You will take a comprehensive final exam of both the textbook and the discussions during Week 8. The exam will consist of 20 T/F (1 point each), 40 Multiple Choice (2 points each), and 2 Short Essays (50 points each) for a total of 200 points.  You will have 3 hours (180 minutes) to take the exam and will be given only one attempt.  The exam will open Monday of Week 8 at 12:01 AM CT and is due by 11:59 PM Saturday.



Course Outline

Click on each week to view details about the activities scheduled for that week.

Week 1: Evolution of the Juvenile Justice System
Readings
Chapters 1 & 4  (NOTE: Reading the assigned texts is essential to doing well in the class.)
Discussion 1

Introduce yourself in the Introductions topic of our class Discussion. Please give us more than your name. Include your profession, hobbies, interests, and any other information that can help us get to know you. Post your initial post by 11:59 pm CT Wednesday and your responses to classmates by 11:59 pm CT Sunday.

Discussion 2

Please read an excerpt from an article “From Time Out to Hard Times” by Michele Deitch, Amanda Barstow, Leslie Lukens, and Ryan Reyna on Children Are Different and view the videos Inside the Teenage Brain  (or similar article) and The mysterious workings of the adolescent brain, which shows the stages of brain development in teenagers and how it highlights or explains the decision-making abilities of teens.

In recent juvenile sentencing decisions, the U.S. Supreme Court looked at studies of behavioral and brain development and posited three characteristics that distinguish adolescents from adults:

  • immature and impetuous decision making with little regard for consequences,
  • vulnerability to external coercion (particularly by peers) and
  • unformed character.

These characteristics make it difficult to judge an adolescent’s crime as “irretrievably depraved.”  What are your thoughts? Are our children different, and do these differences require mitigation of their criminal culpability? Post your initial post by 11:59 pm CT Friday and your responses to classmates by 11:59 pm CT Sunday

Discussion 3

On May 2, 1927, the United States Supreme Court, in Buck v. Bell, made eugenic sterilization a constitutionally sanctioned method to fight poverty and crime. Read the case and the background on eugenics found on page 90-91 of the text or at Three Generations. Explore the website Project Prevention.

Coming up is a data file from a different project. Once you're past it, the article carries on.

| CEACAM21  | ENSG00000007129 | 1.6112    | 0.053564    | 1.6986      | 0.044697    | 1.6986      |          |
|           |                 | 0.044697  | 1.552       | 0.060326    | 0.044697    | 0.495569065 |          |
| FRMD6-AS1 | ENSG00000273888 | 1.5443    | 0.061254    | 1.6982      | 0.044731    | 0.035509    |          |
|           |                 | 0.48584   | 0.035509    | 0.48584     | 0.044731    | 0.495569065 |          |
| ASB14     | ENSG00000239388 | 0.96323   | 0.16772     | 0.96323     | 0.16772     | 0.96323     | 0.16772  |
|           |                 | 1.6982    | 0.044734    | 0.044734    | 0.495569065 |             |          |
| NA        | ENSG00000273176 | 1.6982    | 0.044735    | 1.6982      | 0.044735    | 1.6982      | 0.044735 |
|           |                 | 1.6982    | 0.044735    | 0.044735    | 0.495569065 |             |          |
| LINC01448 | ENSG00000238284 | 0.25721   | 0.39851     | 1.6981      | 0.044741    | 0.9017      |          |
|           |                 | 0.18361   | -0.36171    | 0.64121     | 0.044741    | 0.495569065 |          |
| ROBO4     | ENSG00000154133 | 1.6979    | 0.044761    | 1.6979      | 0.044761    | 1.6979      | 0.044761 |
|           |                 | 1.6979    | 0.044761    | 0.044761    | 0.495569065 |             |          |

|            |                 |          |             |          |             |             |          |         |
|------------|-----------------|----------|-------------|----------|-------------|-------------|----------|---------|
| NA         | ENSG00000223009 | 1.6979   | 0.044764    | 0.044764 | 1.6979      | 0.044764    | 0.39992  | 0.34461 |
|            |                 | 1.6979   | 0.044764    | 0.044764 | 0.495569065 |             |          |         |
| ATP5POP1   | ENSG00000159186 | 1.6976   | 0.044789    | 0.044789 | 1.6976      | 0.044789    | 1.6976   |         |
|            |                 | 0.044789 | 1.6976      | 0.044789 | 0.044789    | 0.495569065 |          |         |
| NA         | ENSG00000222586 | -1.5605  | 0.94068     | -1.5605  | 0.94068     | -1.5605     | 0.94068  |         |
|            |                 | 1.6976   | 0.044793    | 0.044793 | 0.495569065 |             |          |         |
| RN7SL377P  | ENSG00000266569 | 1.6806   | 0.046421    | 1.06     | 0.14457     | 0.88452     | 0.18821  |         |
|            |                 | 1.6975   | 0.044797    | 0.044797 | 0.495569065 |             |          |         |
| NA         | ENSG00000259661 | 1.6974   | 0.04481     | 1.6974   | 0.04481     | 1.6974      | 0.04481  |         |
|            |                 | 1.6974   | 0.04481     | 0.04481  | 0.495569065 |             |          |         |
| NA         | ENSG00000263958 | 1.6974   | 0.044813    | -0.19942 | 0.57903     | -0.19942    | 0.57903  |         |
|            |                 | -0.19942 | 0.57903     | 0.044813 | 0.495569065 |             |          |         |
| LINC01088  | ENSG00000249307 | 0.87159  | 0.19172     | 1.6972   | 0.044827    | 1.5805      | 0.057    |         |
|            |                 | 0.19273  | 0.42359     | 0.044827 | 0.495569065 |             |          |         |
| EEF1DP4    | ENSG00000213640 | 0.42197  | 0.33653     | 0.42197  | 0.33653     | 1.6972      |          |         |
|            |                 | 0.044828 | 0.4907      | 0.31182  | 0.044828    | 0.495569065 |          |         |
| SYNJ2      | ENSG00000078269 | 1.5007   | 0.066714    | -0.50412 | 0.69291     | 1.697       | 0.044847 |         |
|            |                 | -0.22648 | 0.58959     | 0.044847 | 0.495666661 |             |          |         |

As a society, have we advanced from this type of thinking or have we just repackaged it? Watch a video response in Mothers and Children Speak Out. Post your initial post by 11:59 pm CT Saturday and your responses to classmates by 11:59 pm CT Sunday.

Plagiarism Tutorial Quiz

Please complete Plagiarism Tutorial Quiz by 11:59 pm CT Sunday. You must complete it at 100% proficiency to open Quiz 1.  You will have unlimited attempts to complete the Plagiarism Tutorial Quiz.

Quiz 1

Please complete Quiz 1, which covers Chapters 1 & 4, by 11:59 pm CT Sunday.

Week 2: The Measurement of Juvenile Crime and Victimization
Readings

Chapters 2 & 3

Discussion 4

After reading the article Teenagers, Friends and Bad Decisions, reflect  on your own teenage years. Are the results of this study  true of you or someone you knew?  Did this result in being labeled? What was the label? Was it a fair assessment of the circumstances?

What are your thoughts after viewing the video (or reading the transcript) Harsh Punishment for Misbehavior in Texas Schools and How we are priming some kids for college - and some for prison. 

Post your original answers by 11:59 pm CT Wednesday and respond to three classmates’ original postings by 11:59 pm CT Sunday.

Discussion 5

Think about the following quote from the bookThe Patriarchs by Beth Moore: "We are far more successful in nursing our prejudices if we can avoid knowing our target group personally and seeing them as individuals with value."

Read or listen to a speech by Elie Wiesel on indifference posted in the course. Would you say this is true for you? Are juveniles a target group you avoid or are indifferent toward? 

Post your original answers by 11:59 pm CT Friday and responses to three classmates’ original postings by 11:59 pm CT Sunday.

Discussion 6

Develop a profile of the "typical" delinquent based upon official statistics. Then develop a profile of the "typical" delinquent based upon your personal experiences or observations. What do any of these profiles tell you about the personal story of these juveniles?

Read the articles "Liz Murray, Homeless to Harvard"  and "She finally has a home: Harvard." Watch (or read the transcript) Fighting (the Propensity for) Crime with Big Data. Does either teen fit the characteristics of the official profile of a delinquent? What do you think Big Data would have predicted for each of these young ladies? What does each of their stories say about utilizing official statistics or Big Data in the development of programs for juveniles? What does it say about society's response to at risk children? Where is our creativity? 

Post your original answers by 11:59 pm CT Saturday and responses to three classmates’ original postings by 11:59 pm CT Sunday.

Community Analysis for Juvenile Needs Paper
Explore the Kids Count Data Center or U.S. Census Data.  Provide a 1-2 paragraph summary of your area and your findings.  For example, what are the population demographics and composition of your area?  Then provide 1-2 paragraphs detailing 3-5 recommendations that would practically support a preventive program for the high risk children in your community based upon your research. Later, you will use your findings as a component of the NPO Paper to recognize and evaluate the specific issues/problems that define the needs of children your community. This paper is due by 11:59 PM CT on Sunday.